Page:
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I The Vedas: Tristubh

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Explore the Craft of Writing Poetry

Indian Poetry

The Vedas


Tristubh trée-shtoobh (hymn, from the god of devas -shining ones or nature spirits and originating from the flesh ofPrajāpati) is originally found in part of the Bhgavad Gita chapter 11 Verse 15 - 44 (including this phrase "brighter than a thousand suns") and makes up about 40% of the meters in the Rig-Veda.


Many of the The Veda meters are associated with body parts, the Tristubh is associated with the chest and arms. This ancient meter does appear in poetry centuries later connecting the content to the Vedic character of the verse.


The Tristubh is:

  • stanzaic, written in any number of quatrains, 4 padas or lines.
  • syllabic, of 11 syllables each. The heavy-light or guru-laghu pattern of the lines is language specific and probably impossible to duplicate in English. But for the purist you can try by converting heavy-light to Long-short vowel sounds.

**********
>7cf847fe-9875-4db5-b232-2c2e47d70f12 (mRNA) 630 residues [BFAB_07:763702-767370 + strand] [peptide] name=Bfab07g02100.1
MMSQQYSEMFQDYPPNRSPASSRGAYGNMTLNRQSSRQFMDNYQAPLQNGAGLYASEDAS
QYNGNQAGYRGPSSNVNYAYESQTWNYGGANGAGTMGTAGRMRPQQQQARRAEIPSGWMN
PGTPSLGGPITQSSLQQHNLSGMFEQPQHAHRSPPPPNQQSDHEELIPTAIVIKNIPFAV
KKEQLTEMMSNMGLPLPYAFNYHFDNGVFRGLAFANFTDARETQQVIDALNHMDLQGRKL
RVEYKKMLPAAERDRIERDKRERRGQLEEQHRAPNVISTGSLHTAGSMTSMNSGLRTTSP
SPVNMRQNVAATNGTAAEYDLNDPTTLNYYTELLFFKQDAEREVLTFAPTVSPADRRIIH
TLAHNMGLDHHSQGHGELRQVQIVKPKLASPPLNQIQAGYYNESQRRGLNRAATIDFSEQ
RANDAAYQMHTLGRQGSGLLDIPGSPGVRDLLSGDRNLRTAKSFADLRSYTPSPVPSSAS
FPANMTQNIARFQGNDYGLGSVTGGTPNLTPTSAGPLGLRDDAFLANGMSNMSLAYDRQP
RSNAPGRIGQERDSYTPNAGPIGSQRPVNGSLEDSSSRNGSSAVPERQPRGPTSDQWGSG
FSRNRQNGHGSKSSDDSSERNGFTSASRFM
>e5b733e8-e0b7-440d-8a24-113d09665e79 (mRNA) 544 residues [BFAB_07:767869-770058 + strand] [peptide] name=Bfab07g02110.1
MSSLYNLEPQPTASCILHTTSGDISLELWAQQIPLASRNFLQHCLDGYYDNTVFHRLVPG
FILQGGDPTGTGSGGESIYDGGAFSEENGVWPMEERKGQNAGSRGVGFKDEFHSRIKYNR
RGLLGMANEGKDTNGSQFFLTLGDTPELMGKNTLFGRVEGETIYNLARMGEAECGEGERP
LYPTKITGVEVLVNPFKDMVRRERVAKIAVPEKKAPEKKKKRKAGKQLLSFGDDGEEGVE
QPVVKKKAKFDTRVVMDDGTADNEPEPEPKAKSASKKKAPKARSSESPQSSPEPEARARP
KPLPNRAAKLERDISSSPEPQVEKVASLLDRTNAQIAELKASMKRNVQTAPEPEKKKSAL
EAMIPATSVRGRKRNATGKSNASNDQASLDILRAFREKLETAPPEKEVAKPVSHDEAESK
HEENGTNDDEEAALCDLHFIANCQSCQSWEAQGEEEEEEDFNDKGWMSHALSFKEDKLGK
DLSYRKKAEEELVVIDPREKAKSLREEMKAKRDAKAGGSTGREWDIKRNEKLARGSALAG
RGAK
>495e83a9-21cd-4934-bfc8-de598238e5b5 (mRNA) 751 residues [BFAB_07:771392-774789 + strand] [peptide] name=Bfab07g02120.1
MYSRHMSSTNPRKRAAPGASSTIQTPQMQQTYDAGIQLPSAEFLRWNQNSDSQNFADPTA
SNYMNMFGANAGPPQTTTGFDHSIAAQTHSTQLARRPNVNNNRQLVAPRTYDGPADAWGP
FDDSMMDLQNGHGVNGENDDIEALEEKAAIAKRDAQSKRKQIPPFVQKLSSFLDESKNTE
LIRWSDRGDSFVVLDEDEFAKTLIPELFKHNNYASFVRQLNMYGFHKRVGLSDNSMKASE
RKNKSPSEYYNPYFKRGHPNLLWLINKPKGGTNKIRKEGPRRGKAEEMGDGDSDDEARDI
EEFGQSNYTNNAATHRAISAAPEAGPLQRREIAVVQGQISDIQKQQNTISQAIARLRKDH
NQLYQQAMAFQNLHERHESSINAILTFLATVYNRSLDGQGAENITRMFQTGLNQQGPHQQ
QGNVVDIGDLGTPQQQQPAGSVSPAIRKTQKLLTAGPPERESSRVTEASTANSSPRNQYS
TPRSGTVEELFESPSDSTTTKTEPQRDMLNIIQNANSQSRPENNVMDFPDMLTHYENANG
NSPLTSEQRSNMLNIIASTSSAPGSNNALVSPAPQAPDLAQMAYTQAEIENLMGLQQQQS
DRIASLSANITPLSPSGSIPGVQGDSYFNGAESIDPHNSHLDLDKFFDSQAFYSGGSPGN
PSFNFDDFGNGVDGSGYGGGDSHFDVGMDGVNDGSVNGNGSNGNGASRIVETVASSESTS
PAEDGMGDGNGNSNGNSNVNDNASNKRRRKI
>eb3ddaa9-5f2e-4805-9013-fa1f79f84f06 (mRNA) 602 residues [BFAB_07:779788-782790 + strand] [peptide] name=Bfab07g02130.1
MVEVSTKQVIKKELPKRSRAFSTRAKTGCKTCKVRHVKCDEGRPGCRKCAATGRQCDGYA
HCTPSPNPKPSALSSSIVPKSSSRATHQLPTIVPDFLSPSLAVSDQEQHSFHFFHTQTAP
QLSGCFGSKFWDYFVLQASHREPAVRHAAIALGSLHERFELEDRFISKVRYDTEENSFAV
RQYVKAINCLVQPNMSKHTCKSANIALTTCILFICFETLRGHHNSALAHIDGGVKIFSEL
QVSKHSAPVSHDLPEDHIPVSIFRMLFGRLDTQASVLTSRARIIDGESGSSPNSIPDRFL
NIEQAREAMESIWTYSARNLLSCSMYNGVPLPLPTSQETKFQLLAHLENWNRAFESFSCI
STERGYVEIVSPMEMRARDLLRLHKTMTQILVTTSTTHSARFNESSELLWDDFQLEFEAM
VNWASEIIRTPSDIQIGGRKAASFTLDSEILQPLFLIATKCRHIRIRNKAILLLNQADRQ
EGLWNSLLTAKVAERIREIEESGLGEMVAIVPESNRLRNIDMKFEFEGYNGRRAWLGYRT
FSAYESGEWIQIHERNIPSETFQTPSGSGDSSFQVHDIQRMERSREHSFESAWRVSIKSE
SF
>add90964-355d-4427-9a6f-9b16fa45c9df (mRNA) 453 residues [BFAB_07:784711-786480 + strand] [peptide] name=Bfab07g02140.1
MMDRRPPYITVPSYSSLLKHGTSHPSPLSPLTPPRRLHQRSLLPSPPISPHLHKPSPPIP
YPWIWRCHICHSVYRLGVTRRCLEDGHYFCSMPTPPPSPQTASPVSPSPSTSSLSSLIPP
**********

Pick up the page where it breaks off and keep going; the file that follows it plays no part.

• metric. The metric pattern would then be L or s L s L L - s s L s L L. (the first syllable may be either Long or short) A caesura appears after the 4th or 5th syllable.


    Panache by Judi Van Gorder

    To let loose and declare

    ---------------- my wants with panache,

    make it all about me,

    ---------------- my needs, my desires,

    to cut in and step

    ---------------- to the front of the line,

    just once, it would be fun

    ---------------- to play the Diva.

Other Vedic forms II. Sanskrit Forms


Regional Forms:III.Bengali, IV.Hindi, V.Kashmiri, VI.Marathi and VII.Teluga

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